The Best Time of Day To Eat Breakfast, According To A Nutritionist
If I hear “breakfast is the most important meal of the day” one more time, I’ll scream. I get it.
But here’s the thing: knowing when to eat that all-important meal is really tricky. Is it bad if I don’t eat breakfast until I get to work, because the idea of eating right when I wake up makes me queasy? If I sleep in on Saturday, have I somehow missed out on the optimal breakfast time? And if I’m a morning workout person, when the hell do I eat? (I don’t really want to have eggs and bacon before I hit the treadmill.)
I have so many questions.
So… does it actually matter what time you eat breakfast?
Yup. “When you eat is just as important as what you are eating,” says Philadelphia-based registered dietitian Theresa Shank. She recommends eating within two hours of when you wake up.
“Eating within this window sets the pace for a healthy appetite and stabilized blood sugars throughout the day,” explains Shank. When your blood sugar gets out of whack, it often triggers hanger, cravings, and over-eating—a.k.a avoid at all costs.
And breakfast does actually jump-start your metabolism. “Once we’re awake, our bodies need to speed up and break out of a fasted state,” she adds.
The two-hour breakfast window is mostly true for everyone. However, if you have a health condition like diabetes, having stable blood sugar levels is even more important. In that case, you’ll want to make the window between waking and breakfasting shorter—aim for eating within an hour of waking up to keep glucose levels in balance, says Maya Feller, of Maya Feller Nutrition in Brooklyn, New York.
What if I’m going to the gym?
The question of whether to eat before you go comes down to how your body reacts to exercising after eating. “If you plan to workout in the morning, you need to identify if you perform better fed or fasted,” says Feller.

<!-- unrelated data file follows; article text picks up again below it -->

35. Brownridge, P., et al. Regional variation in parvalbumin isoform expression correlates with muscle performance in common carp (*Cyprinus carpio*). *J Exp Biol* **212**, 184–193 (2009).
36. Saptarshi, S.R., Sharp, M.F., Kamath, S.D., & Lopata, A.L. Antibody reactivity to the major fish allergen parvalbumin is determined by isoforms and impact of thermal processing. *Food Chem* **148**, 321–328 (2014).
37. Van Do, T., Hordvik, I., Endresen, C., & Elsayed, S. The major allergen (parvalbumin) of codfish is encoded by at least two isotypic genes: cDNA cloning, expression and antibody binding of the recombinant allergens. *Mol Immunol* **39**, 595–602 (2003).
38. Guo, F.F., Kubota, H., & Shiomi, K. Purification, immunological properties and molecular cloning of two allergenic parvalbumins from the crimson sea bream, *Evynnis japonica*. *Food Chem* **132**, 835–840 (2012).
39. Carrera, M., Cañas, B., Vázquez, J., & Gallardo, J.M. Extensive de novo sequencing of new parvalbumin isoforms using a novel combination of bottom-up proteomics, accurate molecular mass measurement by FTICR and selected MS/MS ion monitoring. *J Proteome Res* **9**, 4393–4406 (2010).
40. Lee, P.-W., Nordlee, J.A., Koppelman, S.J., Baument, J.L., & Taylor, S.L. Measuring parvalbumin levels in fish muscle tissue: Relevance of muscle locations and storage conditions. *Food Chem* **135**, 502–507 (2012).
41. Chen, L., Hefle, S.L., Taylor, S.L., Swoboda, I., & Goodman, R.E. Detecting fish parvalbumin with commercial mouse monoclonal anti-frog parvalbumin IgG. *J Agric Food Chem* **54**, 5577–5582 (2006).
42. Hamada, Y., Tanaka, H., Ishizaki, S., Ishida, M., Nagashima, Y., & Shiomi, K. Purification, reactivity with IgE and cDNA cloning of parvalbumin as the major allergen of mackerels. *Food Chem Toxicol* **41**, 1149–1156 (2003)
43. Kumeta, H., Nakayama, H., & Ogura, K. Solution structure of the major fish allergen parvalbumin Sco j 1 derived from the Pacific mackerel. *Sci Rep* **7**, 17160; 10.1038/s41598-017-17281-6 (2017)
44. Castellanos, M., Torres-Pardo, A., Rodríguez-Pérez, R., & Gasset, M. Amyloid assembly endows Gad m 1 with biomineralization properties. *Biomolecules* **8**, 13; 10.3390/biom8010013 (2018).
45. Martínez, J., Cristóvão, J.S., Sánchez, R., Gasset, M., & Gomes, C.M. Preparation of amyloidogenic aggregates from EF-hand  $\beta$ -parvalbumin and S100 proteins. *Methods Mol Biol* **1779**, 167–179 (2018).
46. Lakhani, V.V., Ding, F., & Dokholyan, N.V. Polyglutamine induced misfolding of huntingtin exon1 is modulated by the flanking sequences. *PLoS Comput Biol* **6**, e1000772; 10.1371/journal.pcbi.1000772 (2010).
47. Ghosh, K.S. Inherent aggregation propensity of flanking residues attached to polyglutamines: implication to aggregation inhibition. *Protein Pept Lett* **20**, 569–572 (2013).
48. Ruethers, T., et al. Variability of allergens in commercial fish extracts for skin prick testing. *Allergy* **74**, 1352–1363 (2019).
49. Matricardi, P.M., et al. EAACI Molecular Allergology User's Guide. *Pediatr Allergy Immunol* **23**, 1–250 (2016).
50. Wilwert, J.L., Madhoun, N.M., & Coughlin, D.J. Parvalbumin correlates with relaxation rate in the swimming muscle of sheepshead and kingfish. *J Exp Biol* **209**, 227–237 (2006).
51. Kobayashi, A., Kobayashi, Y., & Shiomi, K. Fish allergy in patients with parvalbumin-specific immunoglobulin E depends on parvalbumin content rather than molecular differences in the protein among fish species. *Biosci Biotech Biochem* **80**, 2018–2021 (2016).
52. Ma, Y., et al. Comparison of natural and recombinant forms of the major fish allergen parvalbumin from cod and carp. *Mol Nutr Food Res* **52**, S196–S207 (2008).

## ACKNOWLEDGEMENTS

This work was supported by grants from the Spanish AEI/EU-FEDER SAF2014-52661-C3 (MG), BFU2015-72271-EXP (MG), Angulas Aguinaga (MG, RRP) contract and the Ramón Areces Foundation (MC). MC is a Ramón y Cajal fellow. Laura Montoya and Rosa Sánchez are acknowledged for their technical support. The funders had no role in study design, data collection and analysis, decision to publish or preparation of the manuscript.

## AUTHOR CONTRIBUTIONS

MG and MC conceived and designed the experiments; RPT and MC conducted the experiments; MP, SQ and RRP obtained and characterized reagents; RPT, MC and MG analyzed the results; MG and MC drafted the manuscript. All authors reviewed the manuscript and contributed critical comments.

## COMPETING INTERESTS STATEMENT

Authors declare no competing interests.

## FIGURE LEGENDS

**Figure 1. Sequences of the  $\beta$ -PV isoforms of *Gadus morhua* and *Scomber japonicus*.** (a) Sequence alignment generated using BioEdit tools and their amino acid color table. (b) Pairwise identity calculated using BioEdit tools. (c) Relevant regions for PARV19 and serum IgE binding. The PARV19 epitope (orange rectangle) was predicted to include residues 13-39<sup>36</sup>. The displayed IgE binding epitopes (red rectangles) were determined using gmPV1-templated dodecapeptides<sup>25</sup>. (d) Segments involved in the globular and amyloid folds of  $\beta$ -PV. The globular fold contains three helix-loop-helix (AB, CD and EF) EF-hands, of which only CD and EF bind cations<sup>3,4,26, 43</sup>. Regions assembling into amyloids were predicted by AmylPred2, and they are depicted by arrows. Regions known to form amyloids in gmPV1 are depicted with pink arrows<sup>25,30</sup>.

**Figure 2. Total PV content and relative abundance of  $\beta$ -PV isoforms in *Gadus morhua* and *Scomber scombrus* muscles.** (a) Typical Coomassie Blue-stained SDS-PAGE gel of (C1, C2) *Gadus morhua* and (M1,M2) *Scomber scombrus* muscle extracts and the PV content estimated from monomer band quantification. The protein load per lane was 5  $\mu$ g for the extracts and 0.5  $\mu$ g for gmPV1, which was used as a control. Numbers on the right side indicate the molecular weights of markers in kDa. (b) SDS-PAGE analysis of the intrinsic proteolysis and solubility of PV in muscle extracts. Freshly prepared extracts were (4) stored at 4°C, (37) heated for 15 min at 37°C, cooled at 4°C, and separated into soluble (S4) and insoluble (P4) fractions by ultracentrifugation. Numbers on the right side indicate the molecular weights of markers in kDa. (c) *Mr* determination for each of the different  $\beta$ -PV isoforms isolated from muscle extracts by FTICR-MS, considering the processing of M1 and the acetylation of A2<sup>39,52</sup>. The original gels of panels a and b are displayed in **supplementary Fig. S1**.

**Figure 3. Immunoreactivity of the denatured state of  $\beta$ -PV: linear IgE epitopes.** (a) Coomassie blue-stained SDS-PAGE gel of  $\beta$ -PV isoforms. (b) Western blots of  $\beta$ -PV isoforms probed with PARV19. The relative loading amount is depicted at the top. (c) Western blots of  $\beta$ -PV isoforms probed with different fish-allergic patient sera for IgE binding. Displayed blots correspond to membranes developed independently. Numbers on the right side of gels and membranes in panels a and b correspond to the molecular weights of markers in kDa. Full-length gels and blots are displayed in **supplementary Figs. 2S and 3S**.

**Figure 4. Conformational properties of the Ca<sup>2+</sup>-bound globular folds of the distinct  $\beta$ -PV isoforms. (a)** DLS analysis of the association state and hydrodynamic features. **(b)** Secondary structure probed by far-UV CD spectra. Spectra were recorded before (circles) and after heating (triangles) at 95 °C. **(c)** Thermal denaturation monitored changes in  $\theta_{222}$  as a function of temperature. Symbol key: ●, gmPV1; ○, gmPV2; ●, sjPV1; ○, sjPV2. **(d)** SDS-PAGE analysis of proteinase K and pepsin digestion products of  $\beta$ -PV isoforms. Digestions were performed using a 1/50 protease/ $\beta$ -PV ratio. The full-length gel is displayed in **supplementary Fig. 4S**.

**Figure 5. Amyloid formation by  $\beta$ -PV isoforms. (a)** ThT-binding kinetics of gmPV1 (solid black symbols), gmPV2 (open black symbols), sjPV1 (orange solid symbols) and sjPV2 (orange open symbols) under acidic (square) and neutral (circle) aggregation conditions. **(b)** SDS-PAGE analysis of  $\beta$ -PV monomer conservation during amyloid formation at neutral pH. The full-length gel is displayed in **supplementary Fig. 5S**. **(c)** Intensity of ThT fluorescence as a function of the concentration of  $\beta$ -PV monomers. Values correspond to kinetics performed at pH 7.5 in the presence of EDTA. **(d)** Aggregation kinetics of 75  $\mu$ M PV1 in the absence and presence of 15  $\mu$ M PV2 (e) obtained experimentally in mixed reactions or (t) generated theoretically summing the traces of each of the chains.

For instance, if eating a simple pre-workout piece of toast leaves you clenching your stomach midway through Spin, then it’s probs best to wait until you’re done. If finishing your weight workout on an empty stomach makes you dizzy and distracted, then you’re going to need a bite before you go. (Some simple carbs from half a banana can help power you through without feeling super-full.)
This can take some experimentation—but don’t get too stressed about it. In general, it’s a good idea to eat within one to two hours pre- or post-workout, says Shank.
But I hate eating in the morning…
You should still eat something. (Sorry!) Skipping breakfast is associated with an increased risk of type 2 diabetes. And skipping a meal in general can cause brain fog, lower blood sugar levels, and a slower metabolism.
No one’s asking you to sit down to eggs, bacon, pancakes, and a pot of coffee every day. Just a little something is important. Drink a glass of water when you wake up to hydrate, says Shank, then grab something easy to take with you (like a Greek yogurt cup, hard-boiled egg, or a piece of fruit). Eating something small will help your body adjust to the idea of eating in the a.m., Shank says—helping make daily breakfast a regular routine.
Now go slay the day. You’re ready.
This article was originally published on www.womenshealthmag.com